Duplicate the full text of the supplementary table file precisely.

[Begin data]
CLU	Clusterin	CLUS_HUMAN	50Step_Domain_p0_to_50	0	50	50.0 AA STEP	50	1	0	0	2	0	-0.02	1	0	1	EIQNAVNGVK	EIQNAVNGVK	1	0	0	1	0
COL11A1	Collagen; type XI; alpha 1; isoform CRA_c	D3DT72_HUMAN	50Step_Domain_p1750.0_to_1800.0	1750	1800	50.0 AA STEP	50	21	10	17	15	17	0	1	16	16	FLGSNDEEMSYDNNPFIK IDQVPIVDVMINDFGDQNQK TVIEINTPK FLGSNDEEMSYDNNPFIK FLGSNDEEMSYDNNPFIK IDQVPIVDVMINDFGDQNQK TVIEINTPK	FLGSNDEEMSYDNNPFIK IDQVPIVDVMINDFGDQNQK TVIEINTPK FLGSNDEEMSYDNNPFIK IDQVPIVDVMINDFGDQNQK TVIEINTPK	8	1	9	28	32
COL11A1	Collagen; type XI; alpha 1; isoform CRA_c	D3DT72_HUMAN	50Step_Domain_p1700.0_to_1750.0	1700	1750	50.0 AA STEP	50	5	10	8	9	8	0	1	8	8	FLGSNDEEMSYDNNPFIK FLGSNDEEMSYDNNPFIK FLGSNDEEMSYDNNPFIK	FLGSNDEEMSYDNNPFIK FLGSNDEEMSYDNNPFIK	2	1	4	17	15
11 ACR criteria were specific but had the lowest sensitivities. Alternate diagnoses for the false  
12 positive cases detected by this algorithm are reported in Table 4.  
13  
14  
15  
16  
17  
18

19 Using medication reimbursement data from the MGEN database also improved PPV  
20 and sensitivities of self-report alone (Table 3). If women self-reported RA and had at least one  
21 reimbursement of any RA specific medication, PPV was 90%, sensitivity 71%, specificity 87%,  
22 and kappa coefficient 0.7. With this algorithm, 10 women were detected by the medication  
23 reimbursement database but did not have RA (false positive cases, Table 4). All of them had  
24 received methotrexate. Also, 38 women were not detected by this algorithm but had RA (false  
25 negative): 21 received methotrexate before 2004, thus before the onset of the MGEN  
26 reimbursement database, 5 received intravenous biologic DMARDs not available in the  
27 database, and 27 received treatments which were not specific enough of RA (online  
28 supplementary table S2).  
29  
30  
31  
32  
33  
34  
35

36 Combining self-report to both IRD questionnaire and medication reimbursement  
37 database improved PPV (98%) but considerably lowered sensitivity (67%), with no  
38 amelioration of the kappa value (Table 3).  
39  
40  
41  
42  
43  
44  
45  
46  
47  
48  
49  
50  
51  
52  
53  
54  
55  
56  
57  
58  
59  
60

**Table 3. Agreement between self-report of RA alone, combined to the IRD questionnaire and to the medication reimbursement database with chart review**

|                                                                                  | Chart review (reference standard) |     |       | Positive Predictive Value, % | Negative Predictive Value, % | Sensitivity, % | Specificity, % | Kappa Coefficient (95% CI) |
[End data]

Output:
CLU	Clusterin	CLUS_HUMAN	50Step_Domain_p0_to_50	0	50	50.0 AA STEP	50	1	0	0	2	0	-0.02	1	0	1	EIQNAVNGVK	EIQNAVNGVK	1	0	0	1	0
COL11A1	Collagen; type XI; alpha 1; isoform CRA_c	D3DT72_HUMAN	50Step_Domain_p1750.0_to_1800.0	1750	1800	50.0 AA STEP	50	21	10	17	15	17	0	1	16	16	FLGSNDEEMSYDNNPFIK IDQVPIVDVMINDFGDQNQK TVIEINTPK FLGSNDEEMSYDNNPFIK FLGSNDEEMSYDNNPFIK IDQVPIVDVMINDFGDQNQK TVIEINTPK	FLGSNDEEMSYDNNPFIK IDQVPIVDVMINDFGDQNQK TVIEINTPK FLGSNDEEMSYDNNPFIK IDQVPIVDVMINDFGDQNQK TVIEINTPK	8	1	9	28	32
COL11A1	Collagen; type XI; alpha 1; isoform CRA_c	D3DT72_HUMAN	50Step_Domain_p1700.0_to_1750.0	1700	1750	50.0 AA STEP	50	5	10	8	9	8	0	1	8	8	FLGSNDEEMSYDNNPFIK FLGSNDEEMSYDNNPFIK FLGSNDEEMSYDNNPFIK	FLGSNDEEMSYDNNPFIK FLGSNDEEMSYDNNPFIK	2	1	4	17	15
11 ACR criteria were specific but had the lowest sensitivities. Alternate diagnoses for the false  
12 positive cases detected by this algorithm are reported in Table 4.  
13  
14  
15  
16  
17  
18

19 Using medication reimbursement data from the MGEN database also improved PPV  
20 and sensitivities of self-report alone (Table 3). If women self-reported RA and had at least one  
21 reimbursement of any RA specific medication, PPV was 90%, sensitivity 71%, specificity 87%,  
22 and kappa coefficient 0.7. With this algorithm, 10 women were detected by the medication  
23 reimbursement database but did not have RA (false positive cases, Table 4). All of them had  
24 received methotrexate. Also, 38 women were not detected by this algorithm but had RA (false  
25 negative): 21 received methotrexate before 2004, thus before the onset of the MGEN  
26 reimbursement database, 5 received intravenous biologic DMARDs not available in the  
27 database, and 27 received treatments which were not specific enough of RA (online  
28 supplementary table S2).  
29  
30  
31  
32  
33  
34  
35

36 Combining self-report to both IRD questionnaire and medication reimbursement  
37 database improved PPV (98%) but considerably lowered sensitivity (67%), with no  
38 amelioration of the kappa value (Table 3).  
39  
40  
41  
42  
43  
44  
45  
46  
47  
48  
49  
50  
51  
52  
53  
54  
55  
56  
57  
58  
59  
60

**Table 3. Agreement between self-report of RA alone, combined to the IRD questionnaire and to the medication reimbursement database with chart review**

|                                                                                  | Chart review (reference standard) |     |       | Positive Predictive Value, % | Negative Predictive Value, % | Sensitivity, % | Specificity, % | Kappa Coefficient (95% CI) |